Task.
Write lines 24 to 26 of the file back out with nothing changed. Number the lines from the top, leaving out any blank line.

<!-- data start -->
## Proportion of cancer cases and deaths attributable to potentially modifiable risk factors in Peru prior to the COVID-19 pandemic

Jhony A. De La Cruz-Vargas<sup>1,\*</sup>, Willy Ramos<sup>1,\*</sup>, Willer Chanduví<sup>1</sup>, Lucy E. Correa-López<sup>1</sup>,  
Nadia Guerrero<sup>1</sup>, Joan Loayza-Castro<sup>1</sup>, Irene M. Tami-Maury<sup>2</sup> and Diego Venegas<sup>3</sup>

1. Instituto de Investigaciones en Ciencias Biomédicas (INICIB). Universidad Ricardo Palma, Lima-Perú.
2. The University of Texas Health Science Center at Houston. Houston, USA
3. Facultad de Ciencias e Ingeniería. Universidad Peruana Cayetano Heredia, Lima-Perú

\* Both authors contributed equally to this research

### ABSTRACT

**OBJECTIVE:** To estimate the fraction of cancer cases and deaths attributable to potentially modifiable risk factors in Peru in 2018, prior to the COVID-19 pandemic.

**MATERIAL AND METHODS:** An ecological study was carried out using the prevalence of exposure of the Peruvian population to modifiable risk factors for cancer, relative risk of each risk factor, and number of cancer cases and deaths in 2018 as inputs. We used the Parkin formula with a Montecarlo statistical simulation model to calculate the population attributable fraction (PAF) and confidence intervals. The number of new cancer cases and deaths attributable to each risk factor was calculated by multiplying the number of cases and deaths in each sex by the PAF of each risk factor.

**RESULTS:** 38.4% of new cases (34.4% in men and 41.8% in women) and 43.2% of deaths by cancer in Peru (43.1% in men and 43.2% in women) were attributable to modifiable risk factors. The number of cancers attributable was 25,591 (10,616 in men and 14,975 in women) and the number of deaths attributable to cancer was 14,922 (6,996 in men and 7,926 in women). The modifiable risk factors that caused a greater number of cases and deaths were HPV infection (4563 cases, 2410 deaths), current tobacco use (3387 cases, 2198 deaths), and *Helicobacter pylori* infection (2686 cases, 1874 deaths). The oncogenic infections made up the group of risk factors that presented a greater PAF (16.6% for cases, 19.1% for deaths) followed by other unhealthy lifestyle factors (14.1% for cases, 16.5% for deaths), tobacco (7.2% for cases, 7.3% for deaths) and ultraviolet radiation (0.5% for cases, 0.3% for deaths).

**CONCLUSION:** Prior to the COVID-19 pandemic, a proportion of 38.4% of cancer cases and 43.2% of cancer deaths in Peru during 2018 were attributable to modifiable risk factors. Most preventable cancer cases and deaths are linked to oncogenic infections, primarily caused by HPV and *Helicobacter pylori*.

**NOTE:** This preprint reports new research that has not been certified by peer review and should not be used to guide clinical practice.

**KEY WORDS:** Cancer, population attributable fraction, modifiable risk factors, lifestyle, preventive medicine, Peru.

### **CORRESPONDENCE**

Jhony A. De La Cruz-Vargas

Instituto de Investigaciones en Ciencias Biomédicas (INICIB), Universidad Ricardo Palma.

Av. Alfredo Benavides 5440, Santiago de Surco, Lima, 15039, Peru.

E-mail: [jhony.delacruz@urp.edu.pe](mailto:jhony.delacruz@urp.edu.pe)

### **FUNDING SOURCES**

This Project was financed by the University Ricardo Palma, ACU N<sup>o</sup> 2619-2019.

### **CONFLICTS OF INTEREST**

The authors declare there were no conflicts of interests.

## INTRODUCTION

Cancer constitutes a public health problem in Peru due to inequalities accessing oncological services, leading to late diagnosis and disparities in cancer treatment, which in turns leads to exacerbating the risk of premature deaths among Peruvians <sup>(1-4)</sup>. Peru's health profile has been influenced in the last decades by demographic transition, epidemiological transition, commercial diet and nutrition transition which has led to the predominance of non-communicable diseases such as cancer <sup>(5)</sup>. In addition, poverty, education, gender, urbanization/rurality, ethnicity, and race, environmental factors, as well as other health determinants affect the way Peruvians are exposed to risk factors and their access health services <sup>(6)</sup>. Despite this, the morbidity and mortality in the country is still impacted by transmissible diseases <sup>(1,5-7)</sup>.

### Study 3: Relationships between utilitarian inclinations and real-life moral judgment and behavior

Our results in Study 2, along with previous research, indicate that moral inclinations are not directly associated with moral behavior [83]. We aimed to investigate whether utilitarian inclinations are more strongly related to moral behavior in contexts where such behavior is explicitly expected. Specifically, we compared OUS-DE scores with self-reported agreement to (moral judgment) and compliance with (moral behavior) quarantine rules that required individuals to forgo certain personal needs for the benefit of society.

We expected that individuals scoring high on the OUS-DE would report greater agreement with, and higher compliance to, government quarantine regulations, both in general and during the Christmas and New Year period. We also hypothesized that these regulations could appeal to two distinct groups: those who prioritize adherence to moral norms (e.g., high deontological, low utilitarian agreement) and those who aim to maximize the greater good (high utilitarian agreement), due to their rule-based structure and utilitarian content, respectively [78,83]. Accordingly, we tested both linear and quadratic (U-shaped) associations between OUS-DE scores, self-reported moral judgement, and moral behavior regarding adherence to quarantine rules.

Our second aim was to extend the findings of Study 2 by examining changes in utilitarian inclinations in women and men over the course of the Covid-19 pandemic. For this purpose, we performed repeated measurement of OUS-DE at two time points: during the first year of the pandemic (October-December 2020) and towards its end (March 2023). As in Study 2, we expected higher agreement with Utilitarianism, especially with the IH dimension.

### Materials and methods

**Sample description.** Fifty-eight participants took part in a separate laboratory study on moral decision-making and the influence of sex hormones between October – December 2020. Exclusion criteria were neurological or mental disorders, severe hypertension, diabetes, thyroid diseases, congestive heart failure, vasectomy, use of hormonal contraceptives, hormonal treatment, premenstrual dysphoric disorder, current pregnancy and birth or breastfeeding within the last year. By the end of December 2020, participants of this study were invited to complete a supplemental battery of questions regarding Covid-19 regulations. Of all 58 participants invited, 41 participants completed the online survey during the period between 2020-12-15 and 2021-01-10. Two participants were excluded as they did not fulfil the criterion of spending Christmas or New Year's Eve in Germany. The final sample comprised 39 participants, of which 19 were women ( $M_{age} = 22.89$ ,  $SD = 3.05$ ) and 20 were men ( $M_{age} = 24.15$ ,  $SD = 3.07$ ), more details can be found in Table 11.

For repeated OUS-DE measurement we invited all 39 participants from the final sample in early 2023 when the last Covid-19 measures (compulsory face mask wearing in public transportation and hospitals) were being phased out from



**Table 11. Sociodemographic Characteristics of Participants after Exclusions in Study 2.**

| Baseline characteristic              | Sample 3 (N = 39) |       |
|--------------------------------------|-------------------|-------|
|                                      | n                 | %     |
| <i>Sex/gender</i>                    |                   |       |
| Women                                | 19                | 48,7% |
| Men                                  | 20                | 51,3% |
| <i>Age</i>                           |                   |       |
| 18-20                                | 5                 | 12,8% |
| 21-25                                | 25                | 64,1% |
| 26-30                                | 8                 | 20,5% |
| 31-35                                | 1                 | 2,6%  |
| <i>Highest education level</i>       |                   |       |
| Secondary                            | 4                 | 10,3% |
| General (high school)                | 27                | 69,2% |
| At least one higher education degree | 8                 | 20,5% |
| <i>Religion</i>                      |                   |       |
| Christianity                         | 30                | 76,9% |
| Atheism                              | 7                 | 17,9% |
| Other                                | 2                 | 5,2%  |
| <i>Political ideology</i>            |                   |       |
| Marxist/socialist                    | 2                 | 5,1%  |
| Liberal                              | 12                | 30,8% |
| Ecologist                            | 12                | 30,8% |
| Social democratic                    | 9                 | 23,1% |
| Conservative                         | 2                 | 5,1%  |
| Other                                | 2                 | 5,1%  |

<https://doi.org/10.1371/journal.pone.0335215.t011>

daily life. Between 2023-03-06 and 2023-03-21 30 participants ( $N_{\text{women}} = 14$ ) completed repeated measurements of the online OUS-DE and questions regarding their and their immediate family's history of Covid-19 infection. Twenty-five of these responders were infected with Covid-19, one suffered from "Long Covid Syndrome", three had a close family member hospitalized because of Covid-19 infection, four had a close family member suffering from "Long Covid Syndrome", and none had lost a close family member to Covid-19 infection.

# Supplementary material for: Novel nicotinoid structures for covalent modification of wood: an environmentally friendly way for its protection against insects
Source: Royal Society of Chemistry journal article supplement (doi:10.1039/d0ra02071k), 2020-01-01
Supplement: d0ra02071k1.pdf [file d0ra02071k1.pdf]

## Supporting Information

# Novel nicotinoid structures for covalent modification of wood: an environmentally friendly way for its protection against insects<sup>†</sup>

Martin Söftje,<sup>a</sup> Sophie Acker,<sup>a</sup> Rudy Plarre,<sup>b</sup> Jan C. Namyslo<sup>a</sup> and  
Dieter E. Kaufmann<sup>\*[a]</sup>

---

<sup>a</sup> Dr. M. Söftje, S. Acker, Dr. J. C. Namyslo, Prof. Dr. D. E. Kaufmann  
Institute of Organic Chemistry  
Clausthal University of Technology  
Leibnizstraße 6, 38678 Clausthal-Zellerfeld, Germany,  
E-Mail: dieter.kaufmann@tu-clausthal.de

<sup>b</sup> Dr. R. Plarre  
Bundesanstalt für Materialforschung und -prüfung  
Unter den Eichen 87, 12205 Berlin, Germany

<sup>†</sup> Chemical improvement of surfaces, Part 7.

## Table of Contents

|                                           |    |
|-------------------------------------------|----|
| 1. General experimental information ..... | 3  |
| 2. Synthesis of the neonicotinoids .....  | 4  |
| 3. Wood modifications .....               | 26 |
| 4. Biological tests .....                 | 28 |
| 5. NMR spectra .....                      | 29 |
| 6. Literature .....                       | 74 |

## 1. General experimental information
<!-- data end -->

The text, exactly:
## INTRODUCTION

Cancer constitutes a public health problem in Peru due to inequalities accessing oncological services, leading to late diagnosis and disparities in cancer treatment, which in turns leads to exacerbating the risk of premature deaths among Peruvians <sup>(1-4)</sup>. Peru's health profile has been influenced in the last decades by demographic transition, epidemiological transition, commercial diet and nutrition transition which has led to the predominance of non-communicable diseases such as cancer <sup>(5)</sup>. In addition, poverty, education, gender, urbanization/rurality, ethnicity, and race, environmental factors, as well as other health determinants affect the way Peruvians are exposed to risk factors and their access health services <sup>(6)</sup>. Despite this, the morbidity and mortality in the country is still impacted by transmissible diseases <sup>(1,5-7)</sup>.

### Study 3: Relationships between utilitarian inclinations and real-life moral judgment and behavior